WhatsApp is accused of lying about encryption, but rebuts: “misunderstanding” – Apps & Software

WhatApp had the integrity of its privacy policy and end-to-end message encryption system questioned and then reaffirmed the same day. This Tuesday (07), a report by the non-profit investigative journalism organization ProPublic claimed that Facebook did not comply with the privacy promised on its service. However, a little later, the company told the 9to5Mac that, apparently, it was all a misunderstanding.


WhatsApp (Image: Jeso Carneiro/ Flickr)

WhatsApp violates its own privacy policy?

“How Facebook harms the privacy protection of its 2 billion WhatsApp users” – This was the title given to the report by ProPublic, who stated that the instant messaging app, at certain times, shares user data with analysts while maintaining an “extensive monitoring operation”.

As the investigative organization pointed out, Facebook has always used WhatsApp as an example of privacy, ensuring that all messages go through end-to-end encryption, allowing only users who are actually communicating to read the messages. Thus, during their transmission, the files would be completely unreadable for anyone who intercepted them and even for the company itself.

The investigation of ProPublic said Facebook moderators are able to constantly “scan users’ messages, images and videos” on WhatsApp. However, the 9to5Mac emphasizes that this is only possible in one circumstance: when a message is reported.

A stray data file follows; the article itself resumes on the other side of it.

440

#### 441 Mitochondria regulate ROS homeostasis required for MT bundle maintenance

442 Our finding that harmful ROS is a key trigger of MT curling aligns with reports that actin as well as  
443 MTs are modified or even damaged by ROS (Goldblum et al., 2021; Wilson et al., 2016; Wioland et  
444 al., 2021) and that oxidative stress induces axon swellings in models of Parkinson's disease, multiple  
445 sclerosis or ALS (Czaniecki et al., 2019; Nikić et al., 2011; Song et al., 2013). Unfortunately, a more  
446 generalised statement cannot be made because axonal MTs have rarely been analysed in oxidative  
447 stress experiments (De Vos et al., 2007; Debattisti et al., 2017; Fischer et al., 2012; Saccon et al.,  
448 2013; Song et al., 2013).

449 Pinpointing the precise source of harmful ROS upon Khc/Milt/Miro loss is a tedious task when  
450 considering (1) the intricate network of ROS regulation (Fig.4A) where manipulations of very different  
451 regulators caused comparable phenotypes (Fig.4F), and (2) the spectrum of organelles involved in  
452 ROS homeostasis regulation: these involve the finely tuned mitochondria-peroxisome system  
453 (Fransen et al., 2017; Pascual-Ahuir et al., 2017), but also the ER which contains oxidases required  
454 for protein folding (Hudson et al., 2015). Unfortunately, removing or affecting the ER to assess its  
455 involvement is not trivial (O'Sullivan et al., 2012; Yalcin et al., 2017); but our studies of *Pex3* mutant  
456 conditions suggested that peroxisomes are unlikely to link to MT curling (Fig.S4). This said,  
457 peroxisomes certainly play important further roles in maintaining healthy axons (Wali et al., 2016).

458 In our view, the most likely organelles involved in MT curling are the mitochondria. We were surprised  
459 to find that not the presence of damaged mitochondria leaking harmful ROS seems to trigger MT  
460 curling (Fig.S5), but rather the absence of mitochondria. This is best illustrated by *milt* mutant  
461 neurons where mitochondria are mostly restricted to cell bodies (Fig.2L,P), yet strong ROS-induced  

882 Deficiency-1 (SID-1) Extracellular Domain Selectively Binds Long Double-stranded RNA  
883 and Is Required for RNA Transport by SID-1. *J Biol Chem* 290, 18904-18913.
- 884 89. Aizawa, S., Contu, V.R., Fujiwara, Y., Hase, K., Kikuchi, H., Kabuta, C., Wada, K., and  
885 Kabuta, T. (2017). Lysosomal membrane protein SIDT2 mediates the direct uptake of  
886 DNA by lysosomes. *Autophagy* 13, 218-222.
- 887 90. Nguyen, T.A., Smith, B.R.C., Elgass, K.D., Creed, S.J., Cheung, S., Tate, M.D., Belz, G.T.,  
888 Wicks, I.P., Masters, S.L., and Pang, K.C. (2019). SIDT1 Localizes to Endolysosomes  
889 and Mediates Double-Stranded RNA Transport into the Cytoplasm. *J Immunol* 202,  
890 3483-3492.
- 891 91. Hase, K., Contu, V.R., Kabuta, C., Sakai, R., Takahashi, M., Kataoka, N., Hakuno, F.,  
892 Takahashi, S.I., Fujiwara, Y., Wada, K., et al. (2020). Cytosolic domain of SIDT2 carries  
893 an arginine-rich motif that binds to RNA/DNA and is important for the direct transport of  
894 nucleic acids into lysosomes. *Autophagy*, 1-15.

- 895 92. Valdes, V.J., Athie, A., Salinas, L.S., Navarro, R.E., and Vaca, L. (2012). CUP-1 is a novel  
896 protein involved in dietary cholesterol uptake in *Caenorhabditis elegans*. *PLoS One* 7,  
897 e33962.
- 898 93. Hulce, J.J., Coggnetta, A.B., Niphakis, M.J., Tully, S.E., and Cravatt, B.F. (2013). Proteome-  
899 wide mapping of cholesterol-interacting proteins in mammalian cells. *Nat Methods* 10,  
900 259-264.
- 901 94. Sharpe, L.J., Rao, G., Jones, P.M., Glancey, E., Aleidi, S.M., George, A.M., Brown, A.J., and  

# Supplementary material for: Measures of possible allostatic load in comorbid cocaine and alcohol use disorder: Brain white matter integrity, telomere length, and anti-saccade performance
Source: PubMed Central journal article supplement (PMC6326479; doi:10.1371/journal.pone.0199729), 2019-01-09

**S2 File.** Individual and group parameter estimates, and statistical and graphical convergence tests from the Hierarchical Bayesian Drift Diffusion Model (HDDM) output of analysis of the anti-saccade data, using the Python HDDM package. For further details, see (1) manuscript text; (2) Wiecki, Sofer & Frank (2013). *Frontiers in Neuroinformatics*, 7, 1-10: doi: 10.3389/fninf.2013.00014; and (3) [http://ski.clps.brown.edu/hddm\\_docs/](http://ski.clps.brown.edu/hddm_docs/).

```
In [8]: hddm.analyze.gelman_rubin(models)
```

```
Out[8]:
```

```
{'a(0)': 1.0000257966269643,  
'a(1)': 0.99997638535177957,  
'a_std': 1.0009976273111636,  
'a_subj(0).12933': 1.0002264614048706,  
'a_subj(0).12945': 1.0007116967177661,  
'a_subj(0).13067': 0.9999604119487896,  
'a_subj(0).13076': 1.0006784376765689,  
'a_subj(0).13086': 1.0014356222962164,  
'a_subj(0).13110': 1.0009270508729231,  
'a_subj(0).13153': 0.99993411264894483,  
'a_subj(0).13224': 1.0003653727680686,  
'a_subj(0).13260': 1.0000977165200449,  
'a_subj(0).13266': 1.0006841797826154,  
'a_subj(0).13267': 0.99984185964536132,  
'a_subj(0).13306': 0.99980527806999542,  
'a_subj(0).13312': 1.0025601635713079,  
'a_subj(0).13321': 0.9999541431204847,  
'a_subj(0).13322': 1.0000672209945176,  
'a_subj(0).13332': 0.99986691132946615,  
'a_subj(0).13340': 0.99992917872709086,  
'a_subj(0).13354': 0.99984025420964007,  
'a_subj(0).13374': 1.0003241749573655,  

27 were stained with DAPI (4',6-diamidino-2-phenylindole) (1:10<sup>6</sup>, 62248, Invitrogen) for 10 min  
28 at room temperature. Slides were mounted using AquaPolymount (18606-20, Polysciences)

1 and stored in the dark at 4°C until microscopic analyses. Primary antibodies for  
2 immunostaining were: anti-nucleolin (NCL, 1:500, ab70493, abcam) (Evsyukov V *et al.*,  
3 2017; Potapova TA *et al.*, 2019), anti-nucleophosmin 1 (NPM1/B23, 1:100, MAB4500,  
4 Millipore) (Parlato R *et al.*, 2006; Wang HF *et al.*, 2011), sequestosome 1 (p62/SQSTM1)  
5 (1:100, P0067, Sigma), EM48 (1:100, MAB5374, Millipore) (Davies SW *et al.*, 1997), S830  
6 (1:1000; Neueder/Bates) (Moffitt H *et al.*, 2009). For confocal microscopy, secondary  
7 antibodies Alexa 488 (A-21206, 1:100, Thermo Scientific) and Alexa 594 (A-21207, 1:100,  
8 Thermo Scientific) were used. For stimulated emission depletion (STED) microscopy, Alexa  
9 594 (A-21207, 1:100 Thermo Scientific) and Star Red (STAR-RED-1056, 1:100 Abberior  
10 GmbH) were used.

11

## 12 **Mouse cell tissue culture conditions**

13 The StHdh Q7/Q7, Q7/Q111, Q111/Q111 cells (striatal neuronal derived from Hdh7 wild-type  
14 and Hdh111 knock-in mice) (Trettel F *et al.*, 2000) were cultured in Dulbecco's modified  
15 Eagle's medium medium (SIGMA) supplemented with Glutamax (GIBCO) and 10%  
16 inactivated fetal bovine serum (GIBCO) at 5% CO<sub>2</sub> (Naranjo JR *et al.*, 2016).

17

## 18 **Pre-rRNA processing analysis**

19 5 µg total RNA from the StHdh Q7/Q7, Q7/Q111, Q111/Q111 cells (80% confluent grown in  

Not quite…

When a user uses the WhatsApp message reporting feature, the reported file is automatically forwarded to Facebook. In this sense, it would be like manually forwarding an already decrypted message to someone else, who in this case is a moderator.

As confirmed by the 9to5Mac with WhatsApp itself, this reporting process creates a new end-to-end encrypted message whose final recipient is Facebook, which then has the key to decrypt the file. More simply, it’s like sending a new direct message to the company.

WhatsApp privacy policy is questioned (Image: Rachit Tank/Unsplash)
WhatsApp privacy policy is questioned (Image: Rachit Tank/Unsplash)

According to ProPublica’s arguments, this system would be violating the very privacy policy that Facebook so cherishes and uses as a model:

“WhatsApp has more than 1,000 hired employees filling floors of office buildings in Austin, Texas, Dublin and Singapore, where they sift through millions of pieces of user content… these workers use special Facebook software to sift through private message streams, images and videos denounced by WhatsApp users as inappropriate and then analyzed by the company’s artificial intelligence systems.”

Also according to the organization, a complaint filed with the US Securities and Exchange Commission (SEC) last year denounced the extensive use of third-party companies and services, artificial intelligence systems and private information from WhasApp accounts to examine any reported content. According to the document, the practice would violate the privacy policies established by Facebook. However, the SEC took no action on the complaint and declined to comment on the matter.

Controversy reveals between the lines of the complaint process

WhatsApp posts include past posts (Image: Christian Wiediger/Unsplash)
WhatsApp posts include past posts (Image: Christian Wiediger/Unsplash)

This whole situation generated a big discussion about the true privacy of WhatsApp users. While the 9to5Mac contacted the company and clarified that, from a technical point of view, end-to-end encryption is not broken and that its policy remains intact, new information that may not be obvious has surfaced.

When reporting a message, WhatsApp states that “recent interactions” will be included in the report. However, what both polls found is that other previous messages are forwarded along with the one reported to Facebook moderators. As confirmed by 9to5Mac, more specifically the four most recent files accompany the target of the complaint to create a context to aid the analysis of the content.

With information: 9to5mac, ProPublica

Leave a Comment